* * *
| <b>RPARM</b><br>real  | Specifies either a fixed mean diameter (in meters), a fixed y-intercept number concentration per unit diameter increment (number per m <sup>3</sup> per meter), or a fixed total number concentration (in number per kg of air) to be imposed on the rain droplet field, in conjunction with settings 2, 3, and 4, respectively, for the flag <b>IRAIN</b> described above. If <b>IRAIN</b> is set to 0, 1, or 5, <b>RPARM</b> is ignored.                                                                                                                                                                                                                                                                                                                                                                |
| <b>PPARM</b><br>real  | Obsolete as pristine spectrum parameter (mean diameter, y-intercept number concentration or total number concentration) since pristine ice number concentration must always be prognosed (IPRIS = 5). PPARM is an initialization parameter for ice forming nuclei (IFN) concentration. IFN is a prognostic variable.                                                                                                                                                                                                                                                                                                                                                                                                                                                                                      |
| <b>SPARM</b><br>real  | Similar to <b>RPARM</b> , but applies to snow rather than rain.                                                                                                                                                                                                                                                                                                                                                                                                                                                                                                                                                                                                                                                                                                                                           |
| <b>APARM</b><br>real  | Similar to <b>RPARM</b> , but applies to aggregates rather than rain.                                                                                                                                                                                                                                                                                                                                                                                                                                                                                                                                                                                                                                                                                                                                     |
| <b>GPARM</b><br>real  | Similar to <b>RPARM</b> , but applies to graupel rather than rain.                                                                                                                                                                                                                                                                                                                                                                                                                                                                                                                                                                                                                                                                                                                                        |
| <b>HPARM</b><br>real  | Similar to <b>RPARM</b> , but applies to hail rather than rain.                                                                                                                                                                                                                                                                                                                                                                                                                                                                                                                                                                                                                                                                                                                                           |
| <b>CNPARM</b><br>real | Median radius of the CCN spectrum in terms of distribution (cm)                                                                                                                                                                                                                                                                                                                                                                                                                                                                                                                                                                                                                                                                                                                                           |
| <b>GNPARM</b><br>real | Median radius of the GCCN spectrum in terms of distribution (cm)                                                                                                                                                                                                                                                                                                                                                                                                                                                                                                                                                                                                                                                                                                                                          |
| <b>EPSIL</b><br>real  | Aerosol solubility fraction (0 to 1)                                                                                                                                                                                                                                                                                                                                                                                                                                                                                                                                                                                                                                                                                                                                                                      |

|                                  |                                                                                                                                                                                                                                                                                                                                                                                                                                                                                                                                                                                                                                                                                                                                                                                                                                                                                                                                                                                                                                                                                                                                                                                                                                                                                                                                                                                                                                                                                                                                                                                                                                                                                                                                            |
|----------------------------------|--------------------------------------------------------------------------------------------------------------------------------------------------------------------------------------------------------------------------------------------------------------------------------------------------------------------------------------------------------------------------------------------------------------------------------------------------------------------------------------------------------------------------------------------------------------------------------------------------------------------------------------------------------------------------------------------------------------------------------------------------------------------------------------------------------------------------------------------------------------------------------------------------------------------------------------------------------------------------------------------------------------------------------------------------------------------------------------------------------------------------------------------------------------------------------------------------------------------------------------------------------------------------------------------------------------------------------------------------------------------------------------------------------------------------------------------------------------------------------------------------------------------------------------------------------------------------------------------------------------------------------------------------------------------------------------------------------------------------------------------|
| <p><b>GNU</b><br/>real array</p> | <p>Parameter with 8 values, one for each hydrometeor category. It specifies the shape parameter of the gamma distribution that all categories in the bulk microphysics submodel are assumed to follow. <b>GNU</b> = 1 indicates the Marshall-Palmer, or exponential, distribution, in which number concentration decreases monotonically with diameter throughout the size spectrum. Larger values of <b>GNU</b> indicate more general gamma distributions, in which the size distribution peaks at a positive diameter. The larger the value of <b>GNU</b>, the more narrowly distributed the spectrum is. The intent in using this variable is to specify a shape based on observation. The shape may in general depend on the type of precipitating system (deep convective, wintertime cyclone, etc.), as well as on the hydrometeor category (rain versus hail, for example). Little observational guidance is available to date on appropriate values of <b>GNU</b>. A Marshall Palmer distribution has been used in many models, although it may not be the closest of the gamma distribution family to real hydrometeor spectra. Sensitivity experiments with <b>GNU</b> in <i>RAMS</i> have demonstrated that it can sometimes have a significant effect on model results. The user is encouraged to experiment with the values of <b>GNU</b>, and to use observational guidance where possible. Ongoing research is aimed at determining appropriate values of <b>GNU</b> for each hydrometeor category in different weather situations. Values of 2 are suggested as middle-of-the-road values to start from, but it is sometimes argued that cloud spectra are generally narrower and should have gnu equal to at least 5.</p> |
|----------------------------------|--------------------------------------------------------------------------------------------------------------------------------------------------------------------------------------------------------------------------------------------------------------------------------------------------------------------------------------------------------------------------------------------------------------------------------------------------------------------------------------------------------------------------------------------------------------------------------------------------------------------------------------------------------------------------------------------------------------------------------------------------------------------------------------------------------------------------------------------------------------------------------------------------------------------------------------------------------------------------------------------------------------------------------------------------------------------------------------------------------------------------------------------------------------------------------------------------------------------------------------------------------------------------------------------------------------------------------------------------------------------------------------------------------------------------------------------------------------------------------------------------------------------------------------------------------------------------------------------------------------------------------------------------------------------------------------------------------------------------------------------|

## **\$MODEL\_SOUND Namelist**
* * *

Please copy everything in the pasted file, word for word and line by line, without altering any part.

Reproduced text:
| <b>RPARM</b><br>real  | Specifies either a fixed mean diameter (in meters), a fixed y-intercept number concentration per unit diameter increment (number per m <sup>3</sup> per meter), or a fixed total number concentration (in number per kg of air) to be imposed on the rain droplet field, in conjunction with settings 2, 3, and 4, respectively, for the flag <b>IRAIN</b> described above. If <b>IRAIN</b> is set to 0, 1, or 5, <b>RPARM</b> is ignored.                                                                                                                                                                                                                                                                                                                                                                |
| <b>PPARM</b><br>real  | Obsolete as pristine spectrum parameter (mean diameter, y-intercept number concentration or total number concentration) since pristine ice number concentration must always be prognosed (IPRIS = 5). PPARM is an initialization parameter for ice forming nuclei (IFN) concentration. IFN is a prognostic variable.                                                                                                                                                                                                                                                                                                                                                                                                                                                                                      |
| <b>SPARM</b><br>real  | Similar to <b>RPARM</b> , but applies to snow rather than rain.                                                                                                                                                                                                                                                                                                                                                                                                                                                                                                                                                                                                                                                                                                                                           |
| <b>APARM</b><br>real  | Similar to <b>RPARM</b> , but applies to aggregates rather than rain.                                                                                                                                                                                                                                                                                                                                                                                                                                                                                                                                                                                                                                                                                                                                     |
| <b>GPARM</b><br>real  | Similar to <b>RPARM</b> , but applies to graupel rather than rain.                                                                                                                                                                                                                                                                                                                                                                                                                                                                                                                                                                                                                                                                                                                                        |
| <b>HPARM</b><br>real  | Similar to <b>RPARM</b> , but applies to hail rather than rain.                                                                                                                                                                                                                                                                                                                                                                                                                                                                                                                                                                                                                                                                                                                                           |
| <b>CNPARM</b><br>real | Median radius of the CCN spectrum in terms of distribution (cm)                                                                                                                                                                                                                                                                                                                                                                                                                                                                                                                                                                                                                                                                                                                                           |
| <b>GNPARM</b><br>real | Median radius of the GCCN spectrum in terms of distribution (cm)                                                                                                                                                                                                                                                                                                                                                                                                                                                                                                                                                                                                                                                                                                                                          |
| <b>EPSIL</b><br>real  | Aerosol solubility fraction (0 to 1)                                                                                                                                                                                                                                                                                                                                                                                                                                                                                                                                                                                                                                                                                                                                                                      |

|                                  |                                                                                                                                                                                                                                                                                                                                                                                                                                                                                                                                                                                                                                                                                                                                                                                                                                                                                                                                                                                                                                                                                                                                                                                                                                                                                                                                                                                                                                                                                                                                                                                                                                                                                                                                            |
|----------------------------------|--------------------------------------------------------------------------------------------------------------------------------------------------------------------------------------------------------------------------------------------------------------------------------------------------------------------------------------------------------------------------------------------------------------------------------------------------------------------------------------------------------------------------------------------------------------------------------------------------------------------------------------------------------------------------------------------------------------------------------------------------------------------------------------------------------------------------------------------------------------------------------------------------------------------------------------------------------------------------------------------------------------------------------------------------------------------------------------------------------------------------------------------------------------------------------------------------------------------------------------------------------------------------------------------------------------------------------------------------------------------------------------------------------------------------------------------------------------------------------------------------------------------------------------------------------------------------------------------------------------------------------------------------------------------------------------------------------------------------------------------|
| <p><b>GNU</b><br/>real array</p> | <p>Parameter with 8 values, one for each hydrometeor category. It specifies the shape parameter of the gamma distribution that all categories in the bulk microphysics submodel are assumed to follow. <b>GNU</b> = 1 indicates the Marshall-Palmer, or exponential, distribution, in which number concentration decreases monotonically with diameter throughout the size spectrum. Larger values of <b>GNU</b> indicate more general gamma distributions, in which the size distribution peaks at a positive diameter. The larger the value of <b>GNU</b>, the more narrowly distributed the spectrum is. The intent in using this variable is to specify a shape based on observation. The shape may in general depend on the type of precipitating system (deep convective, wintertime cyclone, etc.), as well as on the hydrometeor category (rain versus hail, for example). Little observational guidance is available to date on appropriate values of <b>GNU</b>. A Marshall Palmer distribution has been used in many models, although it may not be the closest of the gamma distribution family to real hydrometeor spectra. Sensitivity experiments with <b>GNU</b> in <i>RAMS</i> have demonstrated that it can sometimes have a significant effect on model results. The user is encouraged to experiment with the values of <b>GNU</b>, and to use observational guidance where possible. Ongoing research is aimed at determining appropriate values of <b>GNU</b> for each hydrometeor category in different weather situations. Values of 2 are suggested as middle-of-the-road values to start from, but it is sometimes argued that cloud spectra are generally narrower and should have gnu equal to at least 5.</p> |
|----------------------------------|--------------------------------------------------------------------------------------------------------------------------------------------------------------------------------------------------------------------------------------------------------------------------------------------------------------------------------------------------------------------------------------------------------------------------------------------------------------------------------------------------------------------------------------------------------------------------------------------------------------------------------------------------------------------------------------------------------------------------------------------------------------------------------------------------------------------------------------------------------------------------------------------------------------------------------------------------------------------------------------------------------------------------------------------------------------------------------------------------------------------------------------------------------------------------------------------------------------------------------------------------------------------------------------------------------------------------------------------------------------------------------------------------------------------------------------------------------------------------------------------------------------------------------------------------------------------------------------------------------------------------------------------------------------------------------------------------------------------------------------------|

## **\$MODEL\_SOUND Namelist**